You had a nice spot on Cheshire Street – sadly, the whole street is very quiet now. Do you miss it?
It was a nice place. Every time I pass that spot, it’s bringing up all these nice memories. And I see it in movies, too, it’s been in lots, Children Of Men was one of the latest.

Your stall has a special, distinctive mix – how would you describe it?
Bizarre, is that the right word? Eclectic. I was never really a follower of fashion, I always try to make a fashion. It’s all part of my hobby. It’s my interest – my interest in life. It passes through my home, it’s like, OK, have we lived enough with this piece, and it gets handed on to someone. We live very minimalistic, though, I am not allowed by my wife to bring all that stuff.

Where do you find it all?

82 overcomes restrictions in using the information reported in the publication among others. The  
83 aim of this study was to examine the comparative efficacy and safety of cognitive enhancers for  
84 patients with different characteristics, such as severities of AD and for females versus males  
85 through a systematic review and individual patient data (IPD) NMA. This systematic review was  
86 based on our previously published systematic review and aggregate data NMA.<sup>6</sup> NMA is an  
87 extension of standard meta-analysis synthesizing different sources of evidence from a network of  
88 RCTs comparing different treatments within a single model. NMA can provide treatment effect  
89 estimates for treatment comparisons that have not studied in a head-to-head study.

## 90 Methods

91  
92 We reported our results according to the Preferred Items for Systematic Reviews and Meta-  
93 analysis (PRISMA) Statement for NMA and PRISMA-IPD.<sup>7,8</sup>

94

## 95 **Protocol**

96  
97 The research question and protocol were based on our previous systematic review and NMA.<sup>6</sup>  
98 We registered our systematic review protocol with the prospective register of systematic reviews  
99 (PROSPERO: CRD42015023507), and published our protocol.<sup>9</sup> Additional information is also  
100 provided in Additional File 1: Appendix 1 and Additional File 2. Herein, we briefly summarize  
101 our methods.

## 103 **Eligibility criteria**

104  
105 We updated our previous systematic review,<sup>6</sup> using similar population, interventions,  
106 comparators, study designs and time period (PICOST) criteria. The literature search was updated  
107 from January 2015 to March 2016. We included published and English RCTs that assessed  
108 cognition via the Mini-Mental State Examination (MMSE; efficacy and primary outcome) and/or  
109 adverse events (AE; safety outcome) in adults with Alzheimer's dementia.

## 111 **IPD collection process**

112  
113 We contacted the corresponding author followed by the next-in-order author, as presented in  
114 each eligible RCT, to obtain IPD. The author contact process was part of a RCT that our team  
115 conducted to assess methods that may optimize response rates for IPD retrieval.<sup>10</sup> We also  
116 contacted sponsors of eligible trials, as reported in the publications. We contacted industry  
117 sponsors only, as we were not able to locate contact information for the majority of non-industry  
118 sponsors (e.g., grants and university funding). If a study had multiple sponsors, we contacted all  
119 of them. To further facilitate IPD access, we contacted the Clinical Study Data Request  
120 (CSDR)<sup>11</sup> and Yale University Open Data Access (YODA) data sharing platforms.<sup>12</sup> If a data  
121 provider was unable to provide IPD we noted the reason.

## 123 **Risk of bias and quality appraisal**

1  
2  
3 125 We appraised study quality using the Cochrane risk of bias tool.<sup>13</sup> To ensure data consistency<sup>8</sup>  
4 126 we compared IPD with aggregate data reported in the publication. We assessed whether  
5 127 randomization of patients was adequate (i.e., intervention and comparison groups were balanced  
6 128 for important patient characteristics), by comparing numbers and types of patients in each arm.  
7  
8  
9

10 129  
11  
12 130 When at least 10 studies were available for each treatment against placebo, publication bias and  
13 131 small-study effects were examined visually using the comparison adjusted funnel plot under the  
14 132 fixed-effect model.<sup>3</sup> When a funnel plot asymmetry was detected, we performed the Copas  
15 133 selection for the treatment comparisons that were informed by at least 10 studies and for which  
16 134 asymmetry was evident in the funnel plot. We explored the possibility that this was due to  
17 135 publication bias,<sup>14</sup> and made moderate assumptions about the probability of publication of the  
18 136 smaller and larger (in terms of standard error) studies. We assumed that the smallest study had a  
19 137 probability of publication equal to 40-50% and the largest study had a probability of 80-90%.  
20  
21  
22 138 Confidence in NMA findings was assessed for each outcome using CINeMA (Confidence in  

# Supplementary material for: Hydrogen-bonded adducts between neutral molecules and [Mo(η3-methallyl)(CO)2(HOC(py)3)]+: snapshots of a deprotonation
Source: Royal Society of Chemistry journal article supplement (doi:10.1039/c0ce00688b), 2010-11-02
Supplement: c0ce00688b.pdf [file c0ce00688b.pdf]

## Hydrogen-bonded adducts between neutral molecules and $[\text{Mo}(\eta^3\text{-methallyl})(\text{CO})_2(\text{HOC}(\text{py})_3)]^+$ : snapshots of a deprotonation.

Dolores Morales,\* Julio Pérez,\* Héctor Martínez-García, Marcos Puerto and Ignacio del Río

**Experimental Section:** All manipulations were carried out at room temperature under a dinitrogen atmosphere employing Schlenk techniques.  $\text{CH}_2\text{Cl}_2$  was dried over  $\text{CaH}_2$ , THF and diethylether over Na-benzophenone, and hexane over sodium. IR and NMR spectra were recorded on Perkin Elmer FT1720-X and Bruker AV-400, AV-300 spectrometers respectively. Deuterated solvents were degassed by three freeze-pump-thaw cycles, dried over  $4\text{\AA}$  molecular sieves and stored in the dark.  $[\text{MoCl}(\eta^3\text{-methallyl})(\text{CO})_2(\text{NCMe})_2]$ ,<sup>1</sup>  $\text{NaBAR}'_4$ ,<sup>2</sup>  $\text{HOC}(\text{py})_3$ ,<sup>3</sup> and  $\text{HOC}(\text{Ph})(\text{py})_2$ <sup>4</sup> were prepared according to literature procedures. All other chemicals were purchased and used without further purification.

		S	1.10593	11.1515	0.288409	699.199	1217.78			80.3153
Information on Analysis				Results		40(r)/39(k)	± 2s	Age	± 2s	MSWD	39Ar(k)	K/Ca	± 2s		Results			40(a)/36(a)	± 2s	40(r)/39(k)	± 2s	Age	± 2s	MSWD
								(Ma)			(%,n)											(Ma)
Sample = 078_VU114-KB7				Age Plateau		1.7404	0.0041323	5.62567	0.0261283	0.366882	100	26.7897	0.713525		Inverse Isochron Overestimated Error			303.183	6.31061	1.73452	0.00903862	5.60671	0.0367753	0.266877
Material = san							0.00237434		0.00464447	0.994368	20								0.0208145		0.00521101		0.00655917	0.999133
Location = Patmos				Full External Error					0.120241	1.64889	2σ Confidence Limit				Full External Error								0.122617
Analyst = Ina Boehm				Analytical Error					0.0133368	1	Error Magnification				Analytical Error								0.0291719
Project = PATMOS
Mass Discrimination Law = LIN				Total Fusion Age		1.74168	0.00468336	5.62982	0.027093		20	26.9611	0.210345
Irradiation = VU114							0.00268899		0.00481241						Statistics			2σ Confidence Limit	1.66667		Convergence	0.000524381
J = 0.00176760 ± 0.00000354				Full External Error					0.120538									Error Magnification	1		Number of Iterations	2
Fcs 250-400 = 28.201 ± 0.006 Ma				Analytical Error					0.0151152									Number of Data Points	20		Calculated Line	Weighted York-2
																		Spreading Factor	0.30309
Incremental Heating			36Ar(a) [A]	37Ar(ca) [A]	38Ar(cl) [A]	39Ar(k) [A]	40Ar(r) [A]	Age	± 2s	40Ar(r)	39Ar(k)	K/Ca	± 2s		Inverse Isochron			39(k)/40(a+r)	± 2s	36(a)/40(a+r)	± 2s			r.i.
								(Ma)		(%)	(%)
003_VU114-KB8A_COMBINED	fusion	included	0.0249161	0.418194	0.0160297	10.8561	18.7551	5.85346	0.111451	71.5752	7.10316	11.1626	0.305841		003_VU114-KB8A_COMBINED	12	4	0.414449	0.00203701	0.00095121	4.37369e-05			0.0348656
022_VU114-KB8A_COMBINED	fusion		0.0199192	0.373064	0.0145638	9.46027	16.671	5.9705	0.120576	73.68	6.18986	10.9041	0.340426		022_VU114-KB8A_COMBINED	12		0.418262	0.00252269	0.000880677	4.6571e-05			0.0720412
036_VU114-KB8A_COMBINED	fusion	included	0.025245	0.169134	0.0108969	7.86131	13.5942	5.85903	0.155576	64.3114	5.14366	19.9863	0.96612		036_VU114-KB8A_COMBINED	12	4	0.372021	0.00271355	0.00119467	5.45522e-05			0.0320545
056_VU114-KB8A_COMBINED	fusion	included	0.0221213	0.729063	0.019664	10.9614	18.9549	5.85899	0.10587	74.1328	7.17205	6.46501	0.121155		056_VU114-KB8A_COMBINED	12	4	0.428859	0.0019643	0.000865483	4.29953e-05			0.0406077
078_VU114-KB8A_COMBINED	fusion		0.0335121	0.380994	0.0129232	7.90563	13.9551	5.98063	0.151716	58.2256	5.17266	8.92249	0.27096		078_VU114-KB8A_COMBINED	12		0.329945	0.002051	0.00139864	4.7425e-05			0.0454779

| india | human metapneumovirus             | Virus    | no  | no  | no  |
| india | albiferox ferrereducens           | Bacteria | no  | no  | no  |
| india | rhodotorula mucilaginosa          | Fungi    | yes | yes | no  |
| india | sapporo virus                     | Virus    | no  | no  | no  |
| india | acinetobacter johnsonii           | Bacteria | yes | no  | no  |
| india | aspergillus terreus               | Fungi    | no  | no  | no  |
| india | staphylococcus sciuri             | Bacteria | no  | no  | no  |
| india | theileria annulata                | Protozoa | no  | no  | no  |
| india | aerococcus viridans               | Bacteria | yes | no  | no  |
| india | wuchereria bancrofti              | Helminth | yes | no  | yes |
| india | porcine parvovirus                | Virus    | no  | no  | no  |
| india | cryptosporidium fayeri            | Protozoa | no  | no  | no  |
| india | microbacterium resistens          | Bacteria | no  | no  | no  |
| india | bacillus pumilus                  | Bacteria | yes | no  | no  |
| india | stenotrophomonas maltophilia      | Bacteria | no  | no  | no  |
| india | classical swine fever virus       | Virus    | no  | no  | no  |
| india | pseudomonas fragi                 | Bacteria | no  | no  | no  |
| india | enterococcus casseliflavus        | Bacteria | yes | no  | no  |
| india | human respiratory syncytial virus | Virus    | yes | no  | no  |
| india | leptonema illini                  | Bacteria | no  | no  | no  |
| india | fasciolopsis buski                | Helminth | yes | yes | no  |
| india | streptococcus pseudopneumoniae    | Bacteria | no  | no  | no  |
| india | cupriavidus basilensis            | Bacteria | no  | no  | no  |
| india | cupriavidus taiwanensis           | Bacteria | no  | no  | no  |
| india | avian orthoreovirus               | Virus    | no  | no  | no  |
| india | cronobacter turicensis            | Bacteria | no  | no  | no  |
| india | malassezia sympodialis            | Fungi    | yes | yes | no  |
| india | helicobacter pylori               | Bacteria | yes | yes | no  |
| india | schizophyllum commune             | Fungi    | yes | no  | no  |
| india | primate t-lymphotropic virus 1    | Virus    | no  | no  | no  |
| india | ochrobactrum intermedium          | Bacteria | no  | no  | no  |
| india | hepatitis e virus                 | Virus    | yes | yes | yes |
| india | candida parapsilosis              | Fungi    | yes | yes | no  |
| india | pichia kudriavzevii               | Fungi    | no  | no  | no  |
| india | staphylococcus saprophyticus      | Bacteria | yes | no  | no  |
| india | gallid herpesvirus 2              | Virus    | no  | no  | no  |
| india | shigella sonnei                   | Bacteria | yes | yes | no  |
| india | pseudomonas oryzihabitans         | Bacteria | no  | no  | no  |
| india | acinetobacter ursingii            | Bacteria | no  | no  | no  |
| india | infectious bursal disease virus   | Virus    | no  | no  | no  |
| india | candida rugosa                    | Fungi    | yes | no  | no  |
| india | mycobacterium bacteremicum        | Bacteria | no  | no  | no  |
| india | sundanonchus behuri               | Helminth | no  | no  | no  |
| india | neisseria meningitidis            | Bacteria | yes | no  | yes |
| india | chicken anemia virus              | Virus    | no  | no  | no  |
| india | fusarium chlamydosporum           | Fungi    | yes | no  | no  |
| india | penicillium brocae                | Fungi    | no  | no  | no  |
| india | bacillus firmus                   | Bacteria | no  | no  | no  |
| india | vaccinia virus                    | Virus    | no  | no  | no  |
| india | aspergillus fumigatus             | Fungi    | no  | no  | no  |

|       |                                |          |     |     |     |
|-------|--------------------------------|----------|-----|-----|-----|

All around Sheffield, where we live. There are all these old market towns, Chesterfield, Barnsley, Rotherham, they all have a tradition of a market, on different days. I don’t do it full time, though, I am an artist. London, for me, is like a meeting place, I don’t have anyone from my country or my town here in Sheffield, so we meet in the market.

Tell me about your favourite discovery or treasure from the last few years.
I found this skeleton. A real skeleton, from a house clearance in Sheffield. I put it on the market and then one student came and put a deposit on it. He was a medical student, and he told me a really harsh story, that this skeleton comes from India, and he was age nineteen and he suffered from this illness and that illness. And another story, that families  sometimes sell a human being to somebody to kill and make it a skeleton. Horrible stories. And the student didn’t come back the next week. That skeleton travelled with me for four weeks, to London and back to Sheffield. And throughout these weeks, I was with this skeleton, thinking about it and those horrible stories.